There is a large sign at both ends of the road saying 'travel at your own risk'. Those like the VOR choose not to risk it. Like kayaking and many other endeavors risk analysis and management is a valuable skill. It had snowed the night before and we noticed that the ice road had been nicely plowed. The inarguable fact that it had not been above freezing for a week, combined with a heavy snowplow crossing the road a couple hours earlier made for an easy decision to head out on the ice. We also saw two pickups and fish houses just off the road. When we got closer I realized that it was Charly Ray, ISS head and former czar of the Living Forest Co-op, the group that assisted us with our timber sale. The fish were not biting but we agreed that it was a great day to be out on the ice. We did notice that the road had been re-routed a bit past the fishermen. The ice can be like the tectonic plates in the earth. Fault lines can cause the ice to buckle and heave with wind, waves, and expansion and contraction. This often results in a cannon like crack or boom, very disconcerting for those uninitiated in the ways of frozen water.
The key is to stay on the road. RangerMark tells the story of the kids driving on the ice road and practicing their Louies, Shitties, or whatever the vernacular term was for spinning your car in circles as described above. They careened over the plow berm, off the road, and came to rest, stuck in a snowbank. They got out and trudged to Madeline Island to get help to pull the car out. When they got back the car was gone. Stolen? Nope, bottom of the lake in 100' of water. Cars generally don't just crack through the ice. First the wheels break through, the frame begins to settle, and eventually, like the scene in the movie Titanic, the car slips below the ice. Veteran ice road drivers take the precaution of removing the seat belts and rolling the windows down, just in case (Insert VOR shaking head right here). RangerMark was actually the hero in this case because the next time he drove to work he stopped and punched a gps reading next to the hole. When the thaw came the DNR was on the kids to get the car out of there. Unfortunately they didn't know just exactly where it was. Enter RM. Between divers and barges with winches it cost around $6,000 to drag the car out. Moral of the story: Always stay on the ice road. It is checked several times a day. The usual reason for closing is a gigantic pressure heave that can't be dealt with or ice melting away from the shore, logically the thinnest point and the first to thaw.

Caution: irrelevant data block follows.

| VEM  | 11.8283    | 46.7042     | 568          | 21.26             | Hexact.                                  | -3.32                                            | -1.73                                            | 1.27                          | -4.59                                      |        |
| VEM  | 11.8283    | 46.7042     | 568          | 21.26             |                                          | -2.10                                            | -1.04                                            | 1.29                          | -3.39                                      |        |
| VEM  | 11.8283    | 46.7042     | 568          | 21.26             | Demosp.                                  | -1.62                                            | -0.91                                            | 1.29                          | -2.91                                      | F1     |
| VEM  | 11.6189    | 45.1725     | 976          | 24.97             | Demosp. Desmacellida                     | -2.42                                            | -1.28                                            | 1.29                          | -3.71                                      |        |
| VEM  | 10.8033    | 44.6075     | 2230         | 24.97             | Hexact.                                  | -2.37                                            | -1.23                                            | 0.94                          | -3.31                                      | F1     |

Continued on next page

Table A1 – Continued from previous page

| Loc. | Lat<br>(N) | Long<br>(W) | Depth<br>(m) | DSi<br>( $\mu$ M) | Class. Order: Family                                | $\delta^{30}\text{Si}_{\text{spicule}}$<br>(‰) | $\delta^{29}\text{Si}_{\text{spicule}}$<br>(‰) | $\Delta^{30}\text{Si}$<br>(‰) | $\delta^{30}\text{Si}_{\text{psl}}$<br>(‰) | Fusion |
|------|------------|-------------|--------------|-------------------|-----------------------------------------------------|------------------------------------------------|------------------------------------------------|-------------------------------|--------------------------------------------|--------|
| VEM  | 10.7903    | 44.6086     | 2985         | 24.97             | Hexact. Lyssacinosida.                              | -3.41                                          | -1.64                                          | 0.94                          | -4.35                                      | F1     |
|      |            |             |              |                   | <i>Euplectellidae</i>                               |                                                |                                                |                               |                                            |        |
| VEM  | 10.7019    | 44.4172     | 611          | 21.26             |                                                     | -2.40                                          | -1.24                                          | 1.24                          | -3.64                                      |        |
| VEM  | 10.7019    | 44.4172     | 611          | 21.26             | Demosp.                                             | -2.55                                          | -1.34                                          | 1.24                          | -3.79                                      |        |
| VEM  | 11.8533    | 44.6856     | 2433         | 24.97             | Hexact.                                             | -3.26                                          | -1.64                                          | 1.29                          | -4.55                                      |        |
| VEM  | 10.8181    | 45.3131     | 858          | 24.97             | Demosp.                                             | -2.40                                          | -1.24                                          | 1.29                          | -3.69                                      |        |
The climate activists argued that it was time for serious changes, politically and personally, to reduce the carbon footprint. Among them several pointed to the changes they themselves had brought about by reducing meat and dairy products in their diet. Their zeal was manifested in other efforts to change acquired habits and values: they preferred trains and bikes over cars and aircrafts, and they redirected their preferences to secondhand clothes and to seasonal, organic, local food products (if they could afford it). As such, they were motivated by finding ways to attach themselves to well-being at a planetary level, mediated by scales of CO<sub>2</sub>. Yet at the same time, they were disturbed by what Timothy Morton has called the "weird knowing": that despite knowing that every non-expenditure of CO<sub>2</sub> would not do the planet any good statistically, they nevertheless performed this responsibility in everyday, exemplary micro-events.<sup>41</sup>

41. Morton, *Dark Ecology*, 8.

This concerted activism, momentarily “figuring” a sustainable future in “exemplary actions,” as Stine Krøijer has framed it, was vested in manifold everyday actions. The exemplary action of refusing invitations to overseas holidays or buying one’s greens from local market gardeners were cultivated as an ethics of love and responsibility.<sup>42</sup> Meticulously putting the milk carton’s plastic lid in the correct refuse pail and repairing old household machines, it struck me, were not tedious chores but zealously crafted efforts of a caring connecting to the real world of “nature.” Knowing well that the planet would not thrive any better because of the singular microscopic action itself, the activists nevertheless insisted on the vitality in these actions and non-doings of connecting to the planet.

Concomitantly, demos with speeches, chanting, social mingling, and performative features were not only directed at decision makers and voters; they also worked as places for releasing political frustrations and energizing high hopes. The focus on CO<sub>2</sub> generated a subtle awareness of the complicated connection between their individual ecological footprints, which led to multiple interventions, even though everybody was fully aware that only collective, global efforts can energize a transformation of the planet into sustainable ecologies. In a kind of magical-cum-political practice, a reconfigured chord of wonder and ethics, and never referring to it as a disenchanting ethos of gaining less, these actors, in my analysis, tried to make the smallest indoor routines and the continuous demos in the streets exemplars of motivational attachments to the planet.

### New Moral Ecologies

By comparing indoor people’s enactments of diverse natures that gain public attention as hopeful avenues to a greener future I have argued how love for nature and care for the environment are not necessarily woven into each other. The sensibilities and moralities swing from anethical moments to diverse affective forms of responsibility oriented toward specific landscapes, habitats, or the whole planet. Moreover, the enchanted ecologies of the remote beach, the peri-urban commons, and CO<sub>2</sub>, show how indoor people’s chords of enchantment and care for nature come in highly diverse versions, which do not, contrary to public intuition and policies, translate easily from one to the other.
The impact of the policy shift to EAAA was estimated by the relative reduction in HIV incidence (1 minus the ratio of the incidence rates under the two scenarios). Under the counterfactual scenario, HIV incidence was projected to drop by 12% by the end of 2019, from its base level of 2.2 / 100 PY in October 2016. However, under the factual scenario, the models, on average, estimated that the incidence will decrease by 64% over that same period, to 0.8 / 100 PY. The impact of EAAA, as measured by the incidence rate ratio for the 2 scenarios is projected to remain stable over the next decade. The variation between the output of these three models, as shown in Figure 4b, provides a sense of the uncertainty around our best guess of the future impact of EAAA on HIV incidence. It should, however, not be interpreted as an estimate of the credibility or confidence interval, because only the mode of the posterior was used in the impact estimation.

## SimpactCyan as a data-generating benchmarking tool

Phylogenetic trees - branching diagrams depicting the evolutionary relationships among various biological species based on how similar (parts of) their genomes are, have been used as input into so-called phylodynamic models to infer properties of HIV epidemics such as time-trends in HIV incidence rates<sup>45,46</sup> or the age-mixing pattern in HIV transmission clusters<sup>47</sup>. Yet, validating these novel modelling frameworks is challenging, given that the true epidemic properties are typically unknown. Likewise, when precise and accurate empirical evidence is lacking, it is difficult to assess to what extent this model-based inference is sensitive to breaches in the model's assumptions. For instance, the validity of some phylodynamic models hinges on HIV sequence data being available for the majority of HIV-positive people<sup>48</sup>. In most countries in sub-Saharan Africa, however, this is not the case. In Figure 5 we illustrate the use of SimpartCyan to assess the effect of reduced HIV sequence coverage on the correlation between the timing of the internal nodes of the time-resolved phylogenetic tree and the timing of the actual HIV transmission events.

This is another low ice year on the lake. That can be seen in the sat photo image. We could have easily driven across the ice road, headed to Big Bay State Park on the east side of the island, and seal launched through the shore ice and had a lovely paddle in open water. I suspect the same thing could have been done Meyers Beach and the mainland sea caves. This weekend is Palm Sunday. GalwayGuy, ChrisG, and I visited Eagle Island on that day a couple years back. MrEngineerGear and I did the same thing two years ago. The Coho Salmon are biting through the ice in the bay and that may trump any thoughts of paddling. I do need to move some boats this weekend however; you just never know what could happen when I get that Explorer on my shoulder.......